What is an Alaskan Winter Really Like?
December 23, 2017 | Barb Huntley
We’ll cut to the point right away. Alaskan winters aren’t as bad as myths tell it, if you are living in Anchorage or the surrounding areas. Anchorage actually has a warmer climate than Midwestern cities such as Minneapolis and Chicago because it is located on the ocean. But, this microclimate is only in Anchorage and the surrounding cities. If you head 1 to 2 hours away towards interior Alaska, that’s where the myths about the cold become true.

Just like the temperature, the snow fall in Alaska varies as well. While most of the lower 48 seems to think Alaska is buried in snow most of the year, the facts state otherwise. Anchorage gets on average 78 inches of snowfall per winter. While that is still quite a bit of snow, it’s nothing to be overly worried about if you are living Anchorage. But, if you drive an hour away to Alyeska you could have 178 inches of snow during the winter.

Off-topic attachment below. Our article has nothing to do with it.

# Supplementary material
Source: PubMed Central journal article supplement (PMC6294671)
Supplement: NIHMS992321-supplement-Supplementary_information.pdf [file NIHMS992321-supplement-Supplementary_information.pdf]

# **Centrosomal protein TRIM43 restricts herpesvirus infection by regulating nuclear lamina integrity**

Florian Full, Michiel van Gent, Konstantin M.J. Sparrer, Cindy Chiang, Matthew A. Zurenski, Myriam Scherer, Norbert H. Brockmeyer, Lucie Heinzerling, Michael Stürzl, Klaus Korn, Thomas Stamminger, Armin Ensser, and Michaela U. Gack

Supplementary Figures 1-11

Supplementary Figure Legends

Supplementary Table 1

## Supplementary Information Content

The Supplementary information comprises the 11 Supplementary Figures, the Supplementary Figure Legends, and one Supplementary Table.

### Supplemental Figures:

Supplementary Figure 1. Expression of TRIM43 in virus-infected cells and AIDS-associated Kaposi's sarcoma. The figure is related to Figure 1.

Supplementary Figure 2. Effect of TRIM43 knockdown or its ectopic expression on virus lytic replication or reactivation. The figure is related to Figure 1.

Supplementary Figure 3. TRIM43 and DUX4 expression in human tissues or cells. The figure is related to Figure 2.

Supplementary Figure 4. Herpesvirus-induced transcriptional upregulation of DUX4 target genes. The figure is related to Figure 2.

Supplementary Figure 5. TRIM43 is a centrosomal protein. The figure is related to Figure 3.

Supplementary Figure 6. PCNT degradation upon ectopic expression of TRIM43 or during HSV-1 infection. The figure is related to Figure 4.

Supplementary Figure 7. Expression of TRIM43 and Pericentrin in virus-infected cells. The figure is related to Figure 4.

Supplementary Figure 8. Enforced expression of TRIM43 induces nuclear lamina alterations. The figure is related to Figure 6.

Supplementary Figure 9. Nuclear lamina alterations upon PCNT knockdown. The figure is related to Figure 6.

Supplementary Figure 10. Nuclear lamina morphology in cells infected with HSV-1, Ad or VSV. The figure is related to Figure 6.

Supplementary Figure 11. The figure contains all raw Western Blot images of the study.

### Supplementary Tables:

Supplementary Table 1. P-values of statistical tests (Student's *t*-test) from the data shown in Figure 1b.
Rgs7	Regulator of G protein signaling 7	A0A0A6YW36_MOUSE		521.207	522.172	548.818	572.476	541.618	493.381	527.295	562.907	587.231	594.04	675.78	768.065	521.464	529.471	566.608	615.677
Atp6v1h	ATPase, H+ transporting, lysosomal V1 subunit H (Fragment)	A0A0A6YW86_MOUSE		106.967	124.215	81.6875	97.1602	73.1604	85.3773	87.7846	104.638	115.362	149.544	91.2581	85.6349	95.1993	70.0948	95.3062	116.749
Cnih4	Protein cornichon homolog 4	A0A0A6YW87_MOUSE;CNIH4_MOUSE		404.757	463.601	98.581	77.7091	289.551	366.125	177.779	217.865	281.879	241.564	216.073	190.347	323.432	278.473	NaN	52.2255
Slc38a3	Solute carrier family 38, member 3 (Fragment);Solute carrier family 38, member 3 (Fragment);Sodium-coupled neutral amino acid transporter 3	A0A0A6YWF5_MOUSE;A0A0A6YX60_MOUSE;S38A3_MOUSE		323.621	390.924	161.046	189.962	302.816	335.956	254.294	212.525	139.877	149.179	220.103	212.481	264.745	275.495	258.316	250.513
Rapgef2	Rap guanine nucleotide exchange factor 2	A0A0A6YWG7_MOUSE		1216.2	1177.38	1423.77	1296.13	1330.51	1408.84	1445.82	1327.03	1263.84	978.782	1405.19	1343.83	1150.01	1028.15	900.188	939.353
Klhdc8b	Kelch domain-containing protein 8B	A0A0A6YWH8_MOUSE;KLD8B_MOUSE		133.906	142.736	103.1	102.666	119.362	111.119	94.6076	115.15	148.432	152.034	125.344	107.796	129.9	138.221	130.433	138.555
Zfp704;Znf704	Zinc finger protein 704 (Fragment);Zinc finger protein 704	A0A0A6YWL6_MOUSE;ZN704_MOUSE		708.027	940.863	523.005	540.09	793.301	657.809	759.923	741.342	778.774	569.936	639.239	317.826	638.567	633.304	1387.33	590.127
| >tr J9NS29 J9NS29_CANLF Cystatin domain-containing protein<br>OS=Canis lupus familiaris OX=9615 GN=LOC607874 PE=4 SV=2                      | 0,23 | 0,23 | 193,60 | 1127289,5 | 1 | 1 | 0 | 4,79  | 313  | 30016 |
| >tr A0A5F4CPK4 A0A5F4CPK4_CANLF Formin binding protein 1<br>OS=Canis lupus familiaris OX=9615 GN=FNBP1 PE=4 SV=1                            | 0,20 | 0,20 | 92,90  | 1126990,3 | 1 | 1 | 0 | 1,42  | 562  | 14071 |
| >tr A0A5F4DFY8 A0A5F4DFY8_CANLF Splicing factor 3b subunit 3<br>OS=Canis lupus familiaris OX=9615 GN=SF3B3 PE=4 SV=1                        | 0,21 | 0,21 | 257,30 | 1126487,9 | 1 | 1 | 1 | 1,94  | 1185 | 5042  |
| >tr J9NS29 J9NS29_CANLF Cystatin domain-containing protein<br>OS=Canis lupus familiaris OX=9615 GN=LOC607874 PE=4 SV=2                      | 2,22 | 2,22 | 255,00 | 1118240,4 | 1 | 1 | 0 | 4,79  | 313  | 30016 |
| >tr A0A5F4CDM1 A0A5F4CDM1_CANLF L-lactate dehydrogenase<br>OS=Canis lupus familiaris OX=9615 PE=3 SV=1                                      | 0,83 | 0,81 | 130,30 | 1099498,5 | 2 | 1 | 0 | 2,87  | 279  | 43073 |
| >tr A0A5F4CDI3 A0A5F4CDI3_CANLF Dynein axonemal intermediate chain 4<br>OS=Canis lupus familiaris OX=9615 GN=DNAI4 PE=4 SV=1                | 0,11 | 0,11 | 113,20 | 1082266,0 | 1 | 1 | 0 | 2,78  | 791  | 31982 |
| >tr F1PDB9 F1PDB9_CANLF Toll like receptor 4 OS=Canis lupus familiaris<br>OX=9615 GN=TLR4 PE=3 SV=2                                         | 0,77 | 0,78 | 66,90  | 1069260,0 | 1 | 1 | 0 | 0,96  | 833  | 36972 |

The one thing everyone visiting and living in Alaska should be prepared for is the darkness. The cold and snow are easy to combat, because like we mentioned above, they aren’t as bad as they are thought to be. Most Alaskan’s will tell you the darkness is the worst part of Alaska during the winter. From mid-November to the end of January the daylight hours last 5 to 7 hours. That means most days you will go to work while its dark and leave while dark. But, if you can survive those weeks, come February when the days start to get longer you will already be dreaming of the endless sun of Alaskan summers.
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